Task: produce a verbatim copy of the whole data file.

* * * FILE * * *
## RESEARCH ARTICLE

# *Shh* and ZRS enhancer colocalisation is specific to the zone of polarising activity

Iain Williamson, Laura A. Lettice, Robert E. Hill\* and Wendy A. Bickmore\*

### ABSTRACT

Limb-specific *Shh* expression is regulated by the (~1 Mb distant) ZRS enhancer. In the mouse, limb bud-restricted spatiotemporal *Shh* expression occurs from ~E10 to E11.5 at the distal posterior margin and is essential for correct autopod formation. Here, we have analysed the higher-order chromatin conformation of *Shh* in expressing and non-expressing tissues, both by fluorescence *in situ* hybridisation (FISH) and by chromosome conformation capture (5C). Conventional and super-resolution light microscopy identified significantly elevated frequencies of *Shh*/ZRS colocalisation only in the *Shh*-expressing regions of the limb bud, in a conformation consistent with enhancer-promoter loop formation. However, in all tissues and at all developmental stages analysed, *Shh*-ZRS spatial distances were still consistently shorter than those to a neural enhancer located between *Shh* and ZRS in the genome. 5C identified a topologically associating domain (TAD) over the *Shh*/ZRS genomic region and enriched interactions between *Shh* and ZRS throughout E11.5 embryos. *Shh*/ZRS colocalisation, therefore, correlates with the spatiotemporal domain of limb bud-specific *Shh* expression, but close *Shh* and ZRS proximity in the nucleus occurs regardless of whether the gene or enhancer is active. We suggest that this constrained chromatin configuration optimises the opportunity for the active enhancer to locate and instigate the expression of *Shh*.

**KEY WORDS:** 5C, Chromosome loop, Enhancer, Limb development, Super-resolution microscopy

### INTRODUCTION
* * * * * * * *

## RESEARCH ARTICLE

# *Shh* and ZRS enhancer colocalisation is specific to the zone of polarising activity

Iain Williamson, Laura A. Lettice, Robert E. Hill\* and Wendy A. Bickmore\*

### ABSTRACT

Limb-specific *Shh* expression is regulated by the (~1 Mb distant) ZRS enhancer. In the mouse, limb bud-restricted spatiotemporal *Shh* expression occurs from ~E10 to E11.5 at the distal posterior margin and is essential for correct autopod formation. Here, we have analysed the higher-order chromatin conformation of *Shh* in expressing and non-expressing tissues, both by fluorescence *in situ* hybridisation (FISH) and by chromosome conformation capture (5C). Conventional and super-resolution light microscopy identified significantly elevated frequencies of *Shh*/ZRS colocalisation only in the *Shh*-expressing regions of the limb bud, in a conformation consistent with enhancer-promoter loop formation. However, in all tissues and at all developmental stages analysed, *Shh*-ZRS spatial distances were still consistently shorter than those to a neural enhancer located between *Shh* and ZRS in the genome. 5C identified a topologically associating domain (TAD) over the *Shh*/ZRS genomic region and enriched interactions between *Shh* and ZRS throughout E11.5 embryos. *Shh*/ZRS colocalisation, therefore, correlates with the spatiotemporal domain of limb bud-specific *Shh* expression, but close *Shh* and ZRS proximity in the nucleus occurs regardless of whether the gene or enhancer is active. We suggest that this constrained chromatin configuration optimises the opportunity for the active enhancer to locate and instigate the expression of *Shh*.

**KEY WORDS:** 5C, Chromosome loop, Enhancer, Limb development, Super-resolution microscopy

### INTRODUCTION